Sustainable neighborhoods: experiential learning & Active Engagement in Detroit
ENVIRON 302, 004; UP 403, 001
Learn hands-on about sustainability issues facing Southeast Michigan through this four-credit, undergraduate course. As part of this unique, experiential course, students study out of Wayne State University in Detroit and learn about:
- The confluence of food systems, the built environment, transportation, and social justice in urban settings
- The concept and realities of sustainability in urban environments
- Ways communities and neighborhoods can respond to changing environments
- Detroit's history and culture
The concept of sustainability is complex. Not only does it include multiple environmental, social, and economic dimensions, but it also depends a great deal on the context and conditions of the sustainability issue being considered. The view of sustainability is further complicated when applied to a declining urban center like Detroit, where issues of social justice are intimately entwined with concerns for environmental quality and the quest for economic stability.
Interestingly, in Detroit and other declining rustbelt cities, hardships have opened new frontiers in what constitutes sustainable development. Cities like Detroit are in the process of redefining a different approach of how residents collaborate to create bottom-up solutions to resolve seemingly insurmountable problems.
As a result, the movement toward more sustainable neighborhoods in this context requires careful, in-depth assessment of the local culture, the economic conditions, and environmental realities at a variety of spatial and temporal scales. In the "Sustainable Neighborhoods" course, we will focus our attention on how issues of sustainability and social justice co-mingle around the topics of transportation systems, food systems, and the built environment.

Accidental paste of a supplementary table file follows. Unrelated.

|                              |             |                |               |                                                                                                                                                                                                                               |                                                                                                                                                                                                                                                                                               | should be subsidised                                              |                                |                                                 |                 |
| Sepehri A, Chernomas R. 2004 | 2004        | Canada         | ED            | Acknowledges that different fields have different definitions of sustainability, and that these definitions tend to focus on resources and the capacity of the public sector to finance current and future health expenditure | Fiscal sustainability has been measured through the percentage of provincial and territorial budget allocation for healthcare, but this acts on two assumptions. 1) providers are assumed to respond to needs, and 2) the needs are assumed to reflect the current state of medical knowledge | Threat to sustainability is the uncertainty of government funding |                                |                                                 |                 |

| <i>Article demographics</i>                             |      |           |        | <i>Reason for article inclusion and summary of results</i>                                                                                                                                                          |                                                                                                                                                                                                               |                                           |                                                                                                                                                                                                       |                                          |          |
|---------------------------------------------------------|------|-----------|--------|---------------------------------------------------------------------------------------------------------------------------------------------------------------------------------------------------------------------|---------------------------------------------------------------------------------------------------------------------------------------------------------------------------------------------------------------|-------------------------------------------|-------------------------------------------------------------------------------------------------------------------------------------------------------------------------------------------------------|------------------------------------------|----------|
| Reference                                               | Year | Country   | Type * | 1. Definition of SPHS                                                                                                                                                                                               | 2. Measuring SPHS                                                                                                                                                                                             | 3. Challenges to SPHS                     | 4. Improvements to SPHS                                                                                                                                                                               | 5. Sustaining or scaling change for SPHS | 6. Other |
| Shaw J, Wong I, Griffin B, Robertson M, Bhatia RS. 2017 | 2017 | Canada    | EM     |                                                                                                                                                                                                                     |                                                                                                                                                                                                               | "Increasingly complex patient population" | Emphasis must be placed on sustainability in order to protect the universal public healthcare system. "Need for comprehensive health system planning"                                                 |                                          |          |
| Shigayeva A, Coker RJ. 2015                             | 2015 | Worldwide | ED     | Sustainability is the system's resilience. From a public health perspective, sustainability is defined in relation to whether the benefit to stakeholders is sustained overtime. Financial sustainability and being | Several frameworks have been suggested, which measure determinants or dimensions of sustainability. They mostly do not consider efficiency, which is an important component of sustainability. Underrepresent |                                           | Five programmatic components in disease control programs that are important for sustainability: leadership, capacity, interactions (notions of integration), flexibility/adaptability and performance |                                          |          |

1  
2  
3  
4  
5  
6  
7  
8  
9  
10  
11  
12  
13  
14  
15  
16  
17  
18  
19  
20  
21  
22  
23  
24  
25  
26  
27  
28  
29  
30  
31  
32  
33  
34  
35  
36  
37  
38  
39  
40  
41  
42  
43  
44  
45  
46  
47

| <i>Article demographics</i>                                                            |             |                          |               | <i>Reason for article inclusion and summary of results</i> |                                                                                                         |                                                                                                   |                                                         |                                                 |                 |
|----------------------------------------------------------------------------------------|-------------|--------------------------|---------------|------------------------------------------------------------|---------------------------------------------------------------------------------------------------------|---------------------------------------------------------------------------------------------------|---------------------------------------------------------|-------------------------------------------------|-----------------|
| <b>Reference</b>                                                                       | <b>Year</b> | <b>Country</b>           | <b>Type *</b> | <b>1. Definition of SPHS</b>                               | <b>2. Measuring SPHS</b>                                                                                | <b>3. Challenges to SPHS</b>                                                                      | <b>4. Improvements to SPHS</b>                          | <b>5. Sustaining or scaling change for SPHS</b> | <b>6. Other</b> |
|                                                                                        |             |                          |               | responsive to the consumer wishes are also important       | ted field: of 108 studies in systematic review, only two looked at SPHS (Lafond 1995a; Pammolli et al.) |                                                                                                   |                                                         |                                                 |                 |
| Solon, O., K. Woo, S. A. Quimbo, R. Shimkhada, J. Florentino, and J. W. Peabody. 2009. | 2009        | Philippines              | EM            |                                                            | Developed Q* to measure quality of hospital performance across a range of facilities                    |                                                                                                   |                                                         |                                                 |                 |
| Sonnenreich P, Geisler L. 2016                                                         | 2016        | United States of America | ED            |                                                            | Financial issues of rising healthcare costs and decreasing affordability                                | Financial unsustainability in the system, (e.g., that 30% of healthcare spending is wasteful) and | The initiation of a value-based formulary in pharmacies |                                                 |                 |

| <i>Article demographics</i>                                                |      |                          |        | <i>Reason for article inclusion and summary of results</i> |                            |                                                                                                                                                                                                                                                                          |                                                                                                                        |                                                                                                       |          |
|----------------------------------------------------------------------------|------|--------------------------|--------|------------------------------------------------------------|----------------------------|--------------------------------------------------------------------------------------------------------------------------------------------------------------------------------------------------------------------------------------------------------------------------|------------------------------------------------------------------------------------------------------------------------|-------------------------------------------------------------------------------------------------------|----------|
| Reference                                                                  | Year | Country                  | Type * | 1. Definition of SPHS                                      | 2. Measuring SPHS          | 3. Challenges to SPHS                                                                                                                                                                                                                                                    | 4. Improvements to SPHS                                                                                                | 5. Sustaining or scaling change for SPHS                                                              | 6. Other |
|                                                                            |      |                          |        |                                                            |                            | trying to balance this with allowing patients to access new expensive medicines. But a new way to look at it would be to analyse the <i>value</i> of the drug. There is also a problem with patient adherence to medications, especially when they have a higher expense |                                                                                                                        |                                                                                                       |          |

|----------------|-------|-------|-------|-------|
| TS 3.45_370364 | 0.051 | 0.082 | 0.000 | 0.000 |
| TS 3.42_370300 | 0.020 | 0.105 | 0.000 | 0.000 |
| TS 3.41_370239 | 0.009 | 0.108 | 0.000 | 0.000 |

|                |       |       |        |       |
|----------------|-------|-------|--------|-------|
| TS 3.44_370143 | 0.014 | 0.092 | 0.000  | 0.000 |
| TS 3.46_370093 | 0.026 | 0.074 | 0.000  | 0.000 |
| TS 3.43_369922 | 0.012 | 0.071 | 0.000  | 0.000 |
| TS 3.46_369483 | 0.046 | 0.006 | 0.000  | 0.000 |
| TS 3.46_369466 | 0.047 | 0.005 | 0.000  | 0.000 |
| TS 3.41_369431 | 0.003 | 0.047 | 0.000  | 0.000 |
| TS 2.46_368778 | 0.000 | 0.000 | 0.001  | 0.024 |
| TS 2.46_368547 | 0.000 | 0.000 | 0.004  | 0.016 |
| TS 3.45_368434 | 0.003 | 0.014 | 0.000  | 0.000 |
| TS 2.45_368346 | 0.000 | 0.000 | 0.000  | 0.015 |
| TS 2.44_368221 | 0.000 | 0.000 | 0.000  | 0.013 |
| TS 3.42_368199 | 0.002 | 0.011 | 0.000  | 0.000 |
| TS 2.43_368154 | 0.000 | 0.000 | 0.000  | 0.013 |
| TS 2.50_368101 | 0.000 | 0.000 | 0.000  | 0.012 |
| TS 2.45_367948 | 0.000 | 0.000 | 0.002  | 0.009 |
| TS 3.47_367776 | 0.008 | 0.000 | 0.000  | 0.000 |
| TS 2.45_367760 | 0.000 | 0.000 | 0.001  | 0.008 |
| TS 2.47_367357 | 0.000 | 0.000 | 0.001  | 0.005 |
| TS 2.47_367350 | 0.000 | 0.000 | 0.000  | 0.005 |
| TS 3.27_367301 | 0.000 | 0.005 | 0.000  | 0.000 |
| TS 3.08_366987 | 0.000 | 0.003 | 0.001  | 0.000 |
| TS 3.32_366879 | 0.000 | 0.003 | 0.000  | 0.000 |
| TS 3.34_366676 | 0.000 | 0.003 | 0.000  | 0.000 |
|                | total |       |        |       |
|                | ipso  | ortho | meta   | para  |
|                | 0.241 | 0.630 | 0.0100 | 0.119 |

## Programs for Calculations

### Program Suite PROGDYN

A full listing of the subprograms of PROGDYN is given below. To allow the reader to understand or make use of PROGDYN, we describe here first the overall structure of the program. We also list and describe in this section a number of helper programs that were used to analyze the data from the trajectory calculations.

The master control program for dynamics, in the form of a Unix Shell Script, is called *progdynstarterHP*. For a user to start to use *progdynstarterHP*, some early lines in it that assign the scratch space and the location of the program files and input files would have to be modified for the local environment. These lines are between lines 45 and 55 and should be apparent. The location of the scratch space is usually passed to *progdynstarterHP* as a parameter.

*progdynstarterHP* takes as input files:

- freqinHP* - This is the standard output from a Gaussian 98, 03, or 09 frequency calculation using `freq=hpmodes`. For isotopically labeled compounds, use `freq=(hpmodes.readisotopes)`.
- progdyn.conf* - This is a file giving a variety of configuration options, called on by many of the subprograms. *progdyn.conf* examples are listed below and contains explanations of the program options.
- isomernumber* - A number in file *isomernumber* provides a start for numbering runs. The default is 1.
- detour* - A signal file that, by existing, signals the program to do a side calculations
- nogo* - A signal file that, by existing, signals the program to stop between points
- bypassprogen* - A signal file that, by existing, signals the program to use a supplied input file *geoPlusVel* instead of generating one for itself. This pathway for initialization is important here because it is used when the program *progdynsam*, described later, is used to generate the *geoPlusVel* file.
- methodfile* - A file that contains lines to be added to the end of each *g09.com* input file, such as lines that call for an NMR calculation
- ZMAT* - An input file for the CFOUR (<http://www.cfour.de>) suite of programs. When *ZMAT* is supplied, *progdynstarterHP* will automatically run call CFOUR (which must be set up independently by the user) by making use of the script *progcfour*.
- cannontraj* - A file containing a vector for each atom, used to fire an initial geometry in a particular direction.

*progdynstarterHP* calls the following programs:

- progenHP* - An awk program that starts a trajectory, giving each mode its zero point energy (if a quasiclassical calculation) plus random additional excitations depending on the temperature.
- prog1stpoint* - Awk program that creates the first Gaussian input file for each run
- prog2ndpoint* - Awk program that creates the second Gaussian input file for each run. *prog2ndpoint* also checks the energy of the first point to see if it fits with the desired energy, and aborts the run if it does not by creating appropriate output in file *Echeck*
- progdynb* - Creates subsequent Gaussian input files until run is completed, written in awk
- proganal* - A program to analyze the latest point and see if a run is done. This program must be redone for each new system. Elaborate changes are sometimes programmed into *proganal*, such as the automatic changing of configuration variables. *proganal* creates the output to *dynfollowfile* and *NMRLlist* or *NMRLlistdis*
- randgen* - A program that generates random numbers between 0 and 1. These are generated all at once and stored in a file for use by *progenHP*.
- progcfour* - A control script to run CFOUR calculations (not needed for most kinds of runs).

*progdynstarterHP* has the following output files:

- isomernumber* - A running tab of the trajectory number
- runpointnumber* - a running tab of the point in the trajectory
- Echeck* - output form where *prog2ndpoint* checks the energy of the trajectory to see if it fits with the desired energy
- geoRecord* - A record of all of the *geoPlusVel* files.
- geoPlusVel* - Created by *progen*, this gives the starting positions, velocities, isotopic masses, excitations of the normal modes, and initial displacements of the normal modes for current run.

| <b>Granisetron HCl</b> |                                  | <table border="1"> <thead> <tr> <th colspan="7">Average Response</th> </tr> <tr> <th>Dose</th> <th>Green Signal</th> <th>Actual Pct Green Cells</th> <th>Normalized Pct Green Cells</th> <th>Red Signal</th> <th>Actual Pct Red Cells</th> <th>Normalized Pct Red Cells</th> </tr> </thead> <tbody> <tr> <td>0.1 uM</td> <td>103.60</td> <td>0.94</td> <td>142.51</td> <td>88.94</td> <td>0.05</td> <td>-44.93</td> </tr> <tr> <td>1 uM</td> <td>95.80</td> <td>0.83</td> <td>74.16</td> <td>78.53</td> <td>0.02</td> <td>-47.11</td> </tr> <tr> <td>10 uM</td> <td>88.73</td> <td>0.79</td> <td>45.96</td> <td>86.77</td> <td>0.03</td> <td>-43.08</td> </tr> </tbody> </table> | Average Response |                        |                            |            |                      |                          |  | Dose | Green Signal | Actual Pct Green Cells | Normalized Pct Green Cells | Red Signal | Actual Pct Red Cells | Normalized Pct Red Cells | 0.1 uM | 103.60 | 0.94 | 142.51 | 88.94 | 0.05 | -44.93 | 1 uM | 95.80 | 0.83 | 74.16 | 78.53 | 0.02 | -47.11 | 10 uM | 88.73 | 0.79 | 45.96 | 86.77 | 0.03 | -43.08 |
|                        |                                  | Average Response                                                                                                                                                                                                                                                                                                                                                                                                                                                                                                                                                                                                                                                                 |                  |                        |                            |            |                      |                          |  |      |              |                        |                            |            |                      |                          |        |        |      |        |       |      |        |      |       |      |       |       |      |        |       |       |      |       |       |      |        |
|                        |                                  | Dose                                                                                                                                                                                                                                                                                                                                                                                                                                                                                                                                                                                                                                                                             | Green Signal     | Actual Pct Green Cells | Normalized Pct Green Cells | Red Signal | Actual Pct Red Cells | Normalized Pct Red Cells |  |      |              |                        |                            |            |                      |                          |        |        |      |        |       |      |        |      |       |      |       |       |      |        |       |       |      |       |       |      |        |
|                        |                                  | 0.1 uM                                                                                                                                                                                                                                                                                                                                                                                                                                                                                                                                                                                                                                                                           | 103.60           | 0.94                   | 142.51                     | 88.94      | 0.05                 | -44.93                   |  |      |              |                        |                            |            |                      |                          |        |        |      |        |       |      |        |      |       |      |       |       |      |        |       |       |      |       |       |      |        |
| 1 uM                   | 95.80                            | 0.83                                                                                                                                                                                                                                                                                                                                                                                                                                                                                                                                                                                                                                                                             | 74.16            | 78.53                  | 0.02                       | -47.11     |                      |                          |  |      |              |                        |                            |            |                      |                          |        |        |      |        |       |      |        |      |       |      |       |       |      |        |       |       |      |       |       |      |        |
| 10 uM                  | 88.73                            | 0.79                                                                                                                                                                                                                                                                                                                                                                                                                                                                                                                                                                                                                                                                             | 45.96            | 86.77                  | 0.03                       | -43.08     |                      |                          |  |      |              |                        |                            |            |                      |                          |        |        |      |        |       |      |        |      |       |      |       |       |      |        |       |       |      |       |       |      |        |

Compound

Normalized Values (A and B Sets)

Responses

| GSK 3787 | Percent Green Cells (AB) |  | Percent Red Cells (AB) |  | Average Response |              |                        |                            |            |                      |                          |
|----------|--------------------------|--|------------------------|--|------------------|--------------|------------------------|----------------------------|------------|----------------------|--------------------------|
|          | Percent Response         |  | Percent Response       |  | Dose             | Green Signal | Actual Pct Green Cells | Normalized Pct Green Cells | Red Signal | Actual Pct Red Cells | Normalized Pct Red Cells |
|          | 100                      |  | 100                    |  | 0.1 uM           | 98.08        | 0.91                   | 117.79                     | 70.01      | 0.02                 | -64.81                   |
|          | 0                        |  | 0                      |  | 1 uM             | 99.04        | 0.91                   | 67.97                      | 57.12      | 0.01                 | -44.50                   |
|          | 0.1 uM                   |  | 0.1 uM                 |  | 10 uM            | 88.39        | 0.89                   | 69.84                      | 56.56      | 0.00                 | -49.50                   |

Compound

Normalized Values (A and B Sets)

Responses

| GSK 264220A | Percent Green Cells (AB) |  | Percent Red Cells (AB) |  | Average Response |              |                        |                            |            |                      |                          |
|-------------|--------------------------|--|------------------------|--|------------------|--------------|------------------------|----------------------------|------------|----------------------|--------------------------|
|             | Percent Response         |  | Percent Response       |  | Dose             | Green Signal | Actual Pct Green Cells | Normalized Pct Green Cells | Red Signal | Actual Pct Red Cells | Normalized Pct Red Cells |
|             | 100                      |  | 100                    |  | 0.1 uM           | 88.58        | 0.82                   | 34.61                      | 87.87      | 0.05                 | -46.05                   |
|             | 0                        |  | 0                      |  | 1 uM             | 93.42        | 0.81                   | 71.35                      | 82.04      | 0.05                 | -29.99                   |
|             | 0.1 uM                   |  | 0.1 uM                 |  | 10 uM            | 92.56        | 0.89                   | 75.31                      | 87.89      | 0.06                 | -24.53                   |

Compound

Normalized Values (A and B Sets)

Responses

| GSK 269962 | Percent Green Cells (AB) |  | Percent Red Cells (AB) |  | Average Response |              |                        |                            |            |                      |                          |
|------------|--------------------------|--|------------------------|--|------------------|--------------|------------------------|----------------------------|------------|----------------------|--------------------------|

The class, which is being taught by Larissa Larsen, Taubman College of Architecture and Urban Planning, is primarily located at the U-M Center in Detroit but also includes interactions with community activists, NGOs and government officials, and community members (via hands-on neighborhood projects).
This "Sustainable Neighborhoods" course, co-sponsored by the Graham Institute, is being offered through both the Taubman College of Architecture & Urban Planning and Program in the Environment. The class also includse some collaboration with the Residential College's Semester in Detroit (LS&A). The course numbers are ENVIRON 302, 004 and UP 403, 001.